The Body: A Guide for Occupants

This was the first book I read in 2020. Well actually, I started reading in the last few days of 2019. It was a coincidence, the way I came across this book with a seemingly dry title. I was browsing through book reviews of 2019 in the Guardian and the Financial Times. Then this one was among those featured in the FT’s article. Even though Bill Bryson was a chancellor at my university and we named the university library after him, I failed to finish a couple of his books many years ago. So I was debating with myself whether to give this one a go. After a few glances at the sample of the book, my Kindle started downloading.

The book talks about each part of our body pretty much in laymen’s words yet backed up by researches and scientific data. Bryson begins the book from the very basic then works his way in from the outside to the microbes that live in our bodies. The chapters are adorned with fascinating facts that you can definitely relate to. Trust me, more than 70% of which are the ones you learn here for the first time. Here is an example:

“Children do much better with extreme cold than with extreme heat. Because their sweat glands aren’t fully developed, they don’t sweat freely as adults do. That is in large part why so many of them die so swiftly when left in cars in warm weather.”

By linking and weaving facts and findings to real-life concerns and incidents, Bryson has successfully steer his book (very far) away from being boring and dry. I’m pretty sure you will find that about half the information in the book confirming popular beliefs while the other half denying the beliefs you have held dear with regards to your body and well-being.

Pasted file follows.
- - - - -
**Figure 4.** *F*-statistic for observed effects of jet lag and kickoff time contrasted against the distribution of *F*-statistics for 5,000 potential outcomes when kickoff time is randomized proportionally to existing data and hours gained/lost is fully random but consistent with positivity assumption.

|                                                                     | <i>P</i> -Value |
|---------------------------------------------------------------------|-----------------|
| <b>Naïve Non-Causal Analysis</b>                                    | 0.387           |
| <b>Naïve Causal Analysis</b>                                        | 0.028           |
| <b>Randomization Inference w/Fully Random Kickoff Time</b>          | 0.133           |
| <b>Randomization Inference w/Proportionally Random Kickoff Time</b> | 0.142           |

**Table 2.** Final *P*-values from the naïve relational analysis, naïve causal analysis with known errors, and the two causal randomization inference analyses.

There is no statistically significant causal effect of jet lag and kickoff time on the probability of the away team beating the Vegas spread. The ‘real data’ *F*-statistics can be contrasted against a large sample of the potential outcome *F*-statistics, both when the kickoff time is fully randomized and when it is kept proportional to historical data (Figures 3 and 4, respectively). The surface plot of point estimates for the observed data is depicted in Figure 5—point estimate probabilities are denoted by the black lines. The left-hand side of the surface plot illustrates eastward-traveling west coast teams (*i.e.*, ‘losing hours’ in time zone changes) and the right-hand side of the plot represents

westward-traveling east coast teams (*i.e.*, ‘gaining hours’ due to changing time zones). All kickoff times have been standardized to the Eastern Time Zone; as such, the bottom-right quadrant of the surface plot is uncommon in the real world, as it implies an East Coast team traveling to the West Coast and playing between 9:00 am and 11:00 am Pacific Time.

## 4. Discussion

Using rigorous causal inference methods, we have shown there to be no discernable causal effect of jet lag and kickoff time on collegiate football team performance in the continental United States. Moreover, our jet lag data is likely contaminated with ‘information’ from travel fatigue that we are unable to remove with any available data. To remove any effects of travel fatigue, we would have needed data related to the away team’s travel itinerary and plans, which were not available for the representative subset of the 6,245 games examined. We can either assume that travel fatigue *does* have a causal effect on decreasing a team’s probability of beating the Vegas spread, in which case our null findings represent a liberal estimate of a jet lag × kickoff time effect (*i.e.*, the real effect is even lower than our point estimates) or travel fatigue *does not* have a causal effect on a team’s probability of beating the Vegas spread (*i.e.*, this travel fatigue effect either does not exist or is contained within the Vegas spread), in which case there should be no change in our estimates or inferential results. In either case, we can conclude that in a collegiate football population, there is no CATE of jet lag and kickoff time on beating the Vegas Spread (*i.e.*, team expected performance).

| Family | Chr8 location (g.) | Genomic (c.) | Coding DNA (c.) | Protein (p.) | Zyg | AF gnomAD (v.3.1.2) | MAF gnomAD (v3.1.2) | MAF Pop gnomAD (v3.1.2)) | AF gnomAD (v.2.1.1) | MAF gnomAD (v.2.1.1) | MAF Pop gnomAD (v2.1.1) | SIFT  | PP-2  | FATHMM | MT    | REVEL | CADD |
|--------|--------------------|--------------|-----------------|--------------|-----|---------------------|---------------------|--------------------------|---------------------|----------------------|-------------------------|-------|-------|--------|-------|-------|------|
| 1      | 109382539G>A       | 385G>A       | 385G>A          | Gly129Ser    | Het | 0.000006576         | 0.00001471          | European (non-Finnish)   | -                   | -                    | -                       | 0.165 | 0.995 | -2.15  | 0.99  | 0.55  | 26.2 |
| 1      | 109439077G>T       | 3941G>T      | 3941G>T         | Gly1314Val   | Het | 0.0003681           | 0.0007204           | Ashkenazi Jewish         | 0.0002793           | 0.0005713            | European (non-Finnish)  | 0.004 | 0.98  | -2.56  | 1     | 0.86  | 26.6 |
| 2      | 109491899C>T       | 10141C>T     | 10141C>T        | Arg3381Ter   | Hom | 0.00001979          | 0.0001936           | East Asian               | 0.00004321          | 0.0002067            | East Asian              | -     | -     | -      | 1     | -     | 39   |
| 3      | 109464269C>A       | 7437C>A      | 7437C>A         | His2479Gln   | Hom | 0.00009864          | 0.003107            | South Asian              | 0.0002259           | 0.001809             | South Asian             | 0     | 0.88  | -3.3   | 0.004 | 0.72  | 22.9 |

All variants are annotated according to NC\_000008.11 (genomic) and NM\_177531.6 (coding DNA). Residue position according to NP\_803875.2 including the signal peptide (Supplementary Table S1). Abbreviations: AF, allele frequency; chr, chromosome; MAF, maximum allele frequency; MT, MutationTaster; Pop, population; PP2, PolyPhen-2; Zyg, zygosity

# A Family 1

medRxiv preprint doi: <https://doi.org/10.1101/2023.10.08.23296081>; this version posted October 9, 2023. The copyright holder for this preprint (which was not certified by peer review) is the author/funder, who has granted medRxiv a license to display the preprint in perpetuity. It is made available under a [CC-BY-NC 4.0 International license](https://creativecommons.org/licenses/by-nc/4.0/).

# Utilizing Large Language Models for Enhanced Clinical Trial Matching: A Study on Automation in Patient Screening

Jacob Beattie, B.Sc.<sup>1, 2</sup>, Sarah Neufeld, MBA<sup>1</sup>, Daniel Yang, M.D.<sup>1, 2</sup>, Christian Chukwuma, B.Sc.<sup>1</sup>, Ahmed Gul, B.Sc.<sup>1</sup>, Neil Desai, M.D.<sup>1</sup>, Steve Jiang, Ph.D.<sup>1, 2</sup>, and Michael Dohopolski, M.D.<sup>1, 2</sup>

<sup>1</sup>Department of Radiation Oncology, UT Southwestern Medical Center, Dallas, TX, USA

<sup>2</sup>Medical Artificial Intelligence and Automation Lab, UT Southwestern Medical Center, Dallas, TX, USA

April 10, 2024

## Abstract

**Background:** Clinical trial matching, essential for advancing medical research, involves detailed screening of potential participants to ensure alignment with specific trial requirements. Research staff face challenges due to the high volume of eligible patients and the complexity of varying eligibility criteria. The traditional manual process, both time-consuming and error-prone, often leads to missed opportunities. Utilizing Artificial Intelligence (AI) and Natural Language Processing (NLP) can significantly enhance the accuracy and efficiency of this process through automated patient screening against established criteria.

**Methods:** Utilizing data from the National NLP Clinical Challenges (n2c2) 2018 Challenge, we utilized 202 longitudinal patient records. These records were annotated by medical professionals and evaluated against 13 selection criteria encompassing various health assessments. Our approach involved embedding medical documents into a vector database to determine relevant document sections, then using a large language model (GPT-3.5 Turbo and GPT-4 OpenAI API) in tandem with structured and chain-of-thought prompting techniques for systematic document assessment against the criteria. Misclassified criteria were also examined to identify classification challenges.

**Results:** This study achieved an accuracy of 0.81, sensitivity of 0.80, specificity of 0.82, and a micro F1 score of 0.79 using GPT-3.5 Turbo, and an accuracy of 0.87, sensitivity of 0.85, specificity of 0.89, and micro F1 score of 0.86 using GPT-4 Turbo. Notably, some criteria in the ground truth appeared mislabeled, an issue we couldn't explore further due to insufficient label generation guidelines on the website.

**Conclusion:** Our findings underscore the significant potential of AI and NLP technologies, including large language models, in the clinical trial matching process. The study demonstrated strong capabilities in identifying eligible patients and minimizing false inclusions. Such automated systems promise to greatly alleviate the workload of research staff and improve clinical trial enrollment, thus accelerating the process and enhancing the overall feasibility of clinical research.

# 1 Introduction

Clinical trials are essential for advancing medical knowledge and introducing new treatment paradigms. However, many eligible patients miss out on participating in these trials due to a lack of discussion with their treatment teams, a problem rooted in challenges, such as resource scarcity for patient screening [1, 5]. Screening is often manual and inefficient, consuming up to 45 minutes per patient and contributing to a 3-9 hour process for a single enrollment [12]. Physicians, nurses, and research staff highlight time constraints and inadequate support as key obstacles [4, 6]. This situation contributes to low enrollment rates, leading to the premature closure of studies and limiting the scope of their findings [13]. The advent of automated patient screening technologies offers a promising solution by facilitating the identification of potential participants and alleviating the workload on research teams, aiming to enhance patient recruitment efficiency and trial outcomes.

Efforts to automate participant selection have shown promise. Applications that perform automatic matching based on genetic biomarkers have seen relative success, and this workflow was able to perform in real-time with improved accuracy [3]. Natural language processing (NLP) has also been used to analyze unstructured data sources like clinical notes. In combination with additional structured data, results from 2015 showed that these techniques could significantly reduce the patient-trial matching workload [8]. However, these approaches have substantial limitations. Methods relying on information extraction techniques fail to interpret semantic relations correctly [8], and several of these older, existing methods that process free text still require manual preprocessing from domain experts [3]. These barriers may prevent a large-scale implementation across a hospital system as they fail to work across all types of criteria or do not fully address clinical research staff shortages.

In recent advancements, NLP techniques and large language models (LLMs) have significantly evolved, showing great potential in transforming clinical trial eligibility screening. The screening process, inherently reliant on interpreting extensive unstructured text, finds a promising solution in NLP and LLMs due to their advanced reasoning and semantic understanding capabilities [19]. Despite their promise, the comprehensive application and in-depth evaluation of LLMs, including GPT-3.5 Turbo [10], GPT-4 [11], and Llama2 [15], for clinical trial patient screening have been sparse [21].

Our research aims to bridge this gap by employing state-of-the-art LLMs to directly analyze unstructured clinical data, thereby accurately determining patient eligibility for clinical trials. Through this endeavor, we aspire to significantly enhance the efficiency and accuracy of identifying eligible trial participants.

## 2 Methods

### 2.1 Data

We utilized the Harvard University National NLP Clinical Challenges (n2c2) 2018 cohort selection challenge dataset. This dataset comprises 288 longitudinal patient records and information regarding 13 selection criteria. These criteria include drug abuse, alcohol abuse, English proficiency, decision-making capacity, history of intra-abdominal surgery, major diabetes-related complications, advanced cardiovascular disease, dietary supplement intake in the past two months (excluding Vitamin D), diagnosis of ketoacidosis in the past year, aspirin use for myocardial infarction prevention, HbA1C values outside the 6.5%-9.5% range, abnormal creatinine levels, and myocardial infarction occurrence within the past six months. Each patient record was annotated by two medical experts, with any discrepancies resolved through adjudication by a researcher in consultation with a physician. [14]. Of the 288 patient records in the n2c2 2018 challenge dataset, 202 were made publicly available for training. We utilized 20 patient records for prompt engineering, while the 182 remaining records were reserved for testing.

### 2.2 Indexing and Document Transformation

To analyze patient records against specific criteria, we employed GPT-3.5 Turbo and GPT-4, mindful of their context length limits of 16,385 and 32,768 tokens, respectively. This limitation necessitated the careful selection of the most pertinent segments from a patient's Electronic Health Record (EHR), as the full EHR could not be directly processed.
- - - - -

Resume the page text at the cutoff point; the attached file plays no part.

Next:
I also enjoyed the stories of scientists / doctors experimenting with new medical cures and medicines. At times (or indeed most of the time), such experiments led to unfortunate loss of lives and I usually had my phone at hand ready to google some chilling surgeries just to add to the goose-bumping experience. But again, given the limited knowledge we knew of our bodies and diseases back then, each experiment brought humanity a step closer to gaining extra years of life expectancy.

So I’d recommend this book. It is fun, easy to read, yet packed with useful stuff (and facts that may be useful for pub quizzes). It is suitable for all ages except some creepy anecdotes that may need parental supervision!

Cover of the book – photo courtesy of